The second theory, the Stewardship theory, is keenly interested in ascertaining that the directors’ interests and motivations are aligned with the goals and objectives of the organization as a whole. This means that the stew-ard’s interest is aligned with the stakeholders’. Under this theory, the bostew-ard’s primary role is to service and ad-vice, rather than to discipline and monitor, as agency theory prescribes. Where stewards are engaged to manage the affairs of the business. they emphasizes:1) values of service over self-interest; 2) responsibility by prioritiz-ing long-term gains and values over short-term, myopic greed; 3) and develops good governance, clear workprioritiz-ing processes, open communications, and encompassing empowerment. Collectivist and stakeholder-oriented, stew-ardship fittingly applies to the family business model setting.

A board dominated by insiders or company-affiliated directors (also known as “grey directors”) has been suggested to be a correct match for a company practicing stewardship. However, this may not always be the case. More and more, family-run businesses, big and small, are revamping their board of directors by putting more independents than insiders or grey directors on their boards. A majority of family businesses should in fact wel-come independent directors into the boardroom. Transparent processes, good governance, and an empowering atmosphere are the general results of placing independents in a board.

Independent directors can help family companies find a way to balance the dynastic expectations of a family with the needs of the business. Their primary purpose of a Non-Executive Director (NED) is to bring objective scrutiny on behalf of the shareholders. To that end, the importance of true independence of thought cannot be overstated. The best NEDs are reflective and thoughtful in their approach, ask the tough questions and offer considered advice based on sound judgement. They must maintain integrity and have strong principles.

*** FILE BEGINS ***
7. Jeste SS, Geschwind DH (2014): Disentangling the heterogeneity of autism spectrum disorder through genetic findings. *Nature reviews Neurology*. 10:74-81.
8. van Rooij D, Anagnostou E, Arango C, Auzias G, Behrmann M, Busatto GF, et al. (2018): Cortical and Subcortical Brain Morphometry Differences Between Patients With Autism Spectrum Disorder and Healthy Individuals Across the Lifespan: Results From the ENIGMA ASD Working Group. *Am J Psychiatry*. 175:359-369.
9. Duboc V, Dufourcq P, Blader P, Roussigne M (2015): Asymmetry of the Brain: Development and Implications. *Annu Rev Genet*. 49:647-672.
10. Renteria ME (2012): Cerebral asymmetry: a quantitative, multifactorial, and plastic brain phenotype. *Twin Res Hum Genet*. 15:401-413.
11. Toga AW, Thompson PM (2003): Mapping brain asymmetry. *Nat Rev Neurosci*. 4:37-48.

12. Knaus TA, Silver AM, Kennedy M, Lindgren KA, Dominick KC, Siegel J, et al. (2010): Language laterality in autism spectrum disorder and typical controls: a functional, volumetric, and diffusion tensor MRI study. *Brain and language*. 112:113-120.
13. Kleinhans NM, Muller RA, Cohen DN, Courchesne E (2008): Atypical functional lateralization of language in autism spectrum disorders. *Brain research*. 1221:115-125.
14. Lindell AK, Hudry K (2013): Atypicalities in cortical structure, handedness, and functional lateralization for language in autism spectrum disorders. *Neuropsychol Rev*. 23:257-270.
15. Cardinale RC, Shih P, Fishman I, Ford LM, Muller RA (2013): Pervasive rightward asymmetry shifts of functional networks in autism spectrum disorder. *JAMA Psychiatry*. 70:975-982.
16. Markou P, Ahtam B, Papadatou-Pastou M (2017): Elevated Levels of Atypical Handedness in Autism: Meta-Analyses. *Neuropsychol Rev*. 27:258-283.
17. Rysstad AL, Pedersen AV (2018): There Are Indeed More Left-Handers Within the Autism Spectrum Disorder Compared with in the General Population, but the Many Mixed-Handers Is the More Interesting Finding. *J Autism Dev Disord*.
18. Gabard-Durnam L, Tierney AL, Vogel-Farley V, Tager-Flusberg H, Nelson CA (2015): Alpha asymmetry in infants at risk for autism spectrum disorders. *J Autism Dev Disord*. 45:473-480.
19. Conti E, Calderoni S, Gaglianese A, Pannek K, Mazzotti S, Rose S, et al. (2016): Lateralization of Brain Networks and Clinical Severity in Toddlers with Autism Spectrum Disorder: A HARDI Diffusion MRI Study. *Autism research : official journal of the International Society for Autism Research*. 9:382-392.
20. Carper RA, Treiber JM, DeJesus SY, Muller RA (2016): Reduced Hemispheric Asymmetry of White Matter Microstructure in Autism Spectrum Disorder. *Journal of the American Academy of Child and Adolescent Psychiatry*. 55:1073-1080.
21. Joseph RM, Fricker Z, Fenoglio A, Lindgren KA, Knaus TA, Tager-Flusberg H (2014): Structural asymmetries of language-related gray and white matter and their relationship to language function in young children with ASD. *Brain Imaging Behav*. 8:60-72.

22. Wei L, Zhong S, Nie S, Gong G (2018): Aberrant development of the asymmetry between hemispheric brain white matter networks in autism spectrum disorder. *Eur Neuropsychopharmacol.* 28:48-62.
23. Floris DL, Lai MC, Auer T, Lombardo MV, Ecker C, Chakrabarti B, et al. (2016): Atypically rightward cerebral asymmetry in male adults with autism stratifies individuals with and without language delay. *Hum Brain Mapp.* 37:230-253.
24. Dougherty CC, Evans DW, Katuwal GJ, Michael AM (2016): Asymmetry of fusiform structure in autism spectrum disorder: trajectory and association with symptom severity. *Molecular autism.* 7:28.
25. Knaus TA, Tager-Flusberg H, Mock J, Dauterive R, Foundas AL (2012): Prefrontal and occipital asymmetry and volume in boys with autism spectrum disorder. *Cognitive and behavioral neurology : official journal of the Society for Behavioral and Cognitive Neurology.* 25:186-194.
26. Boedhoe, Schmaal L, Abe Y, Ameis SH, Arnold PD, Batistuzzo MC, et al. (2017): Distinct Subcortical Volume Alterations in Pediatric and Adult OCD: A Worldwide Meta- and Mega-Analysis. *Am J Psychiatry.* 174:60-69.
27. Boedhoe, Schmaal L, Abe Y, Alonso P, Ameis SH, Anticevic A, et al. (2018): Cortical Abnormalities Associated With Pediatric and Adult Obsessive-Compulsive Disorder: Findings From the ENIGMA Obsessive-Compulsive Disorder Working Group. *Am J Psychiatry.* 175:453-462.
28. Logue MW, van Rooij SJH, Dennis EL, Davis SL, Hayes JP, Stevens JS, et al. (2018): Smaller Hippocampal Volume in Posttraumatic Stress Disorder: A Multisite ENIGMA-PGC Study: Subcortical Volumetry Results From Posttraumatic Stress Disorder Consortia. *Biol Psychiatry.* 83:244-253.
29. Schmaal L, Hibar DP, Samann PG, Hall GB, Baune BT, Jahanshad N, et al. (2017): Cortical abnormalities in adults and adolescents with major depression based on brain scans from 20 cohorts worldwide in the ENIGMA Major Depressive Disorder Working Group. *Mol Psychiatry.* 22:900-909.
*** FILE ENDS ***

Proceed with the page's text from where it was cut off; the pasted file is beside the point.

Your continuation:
Because independent directors have no existing loyalties to family members or preconceptions about the business, they are particularly well placed to provide advice on contentious issues such as board appointments, succession planning, remuneration and retirement. They should insist that the right thing is done for the com-pany and must not be “followers of fashion”. They must have sufficient wisdom to perceive whether a course of action is morally dubious or financially risky. If so, they should exhibit the courage to disagree, and if the prob-lems are systemic, to depart.

The independent directors balance their strong viewpoints with a supportive style in the boardroom. They are able to probe and challenge the executive team on thorny subjects without creating conflict. While asking the difficult questions is the primary task, they should also offer support and guidance on problematic issues. Main-taining a constructive and diplomatic style is important at all times.

Independent directors can play a vital role in business development, providing fresh perspectives, a strategic overview and opening up valuable networks for the business. They can also act as a sounding board for the non-family CEO and mentor young or aspiring family executives, passing on experience drawn from a wide range of companies and business challenges [57].

In companies where the founder is also the CEOs he/she may be too attached or too close to the enterprise, [58] feeling that it is a legacy handed down by esteemed forefathers or a legacy they are handing down. They may be too sympathetic with workers’ plight, or too caught up with the notion of family and close family ties.

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In situations like these the services of independent directors comes in needy, this is due to their detached rela-tionships with the company and lack of any special or financial relationship with its members, and so they fill in the gap as objective and emotionally-detached arbiters. They help keep the balance of the ship and provide the captain with relevant information and corporate wisdom that will steer the firm away from disaster. Playing both the hull and the keel, they are able to perform an effective role as to where the company is sailing.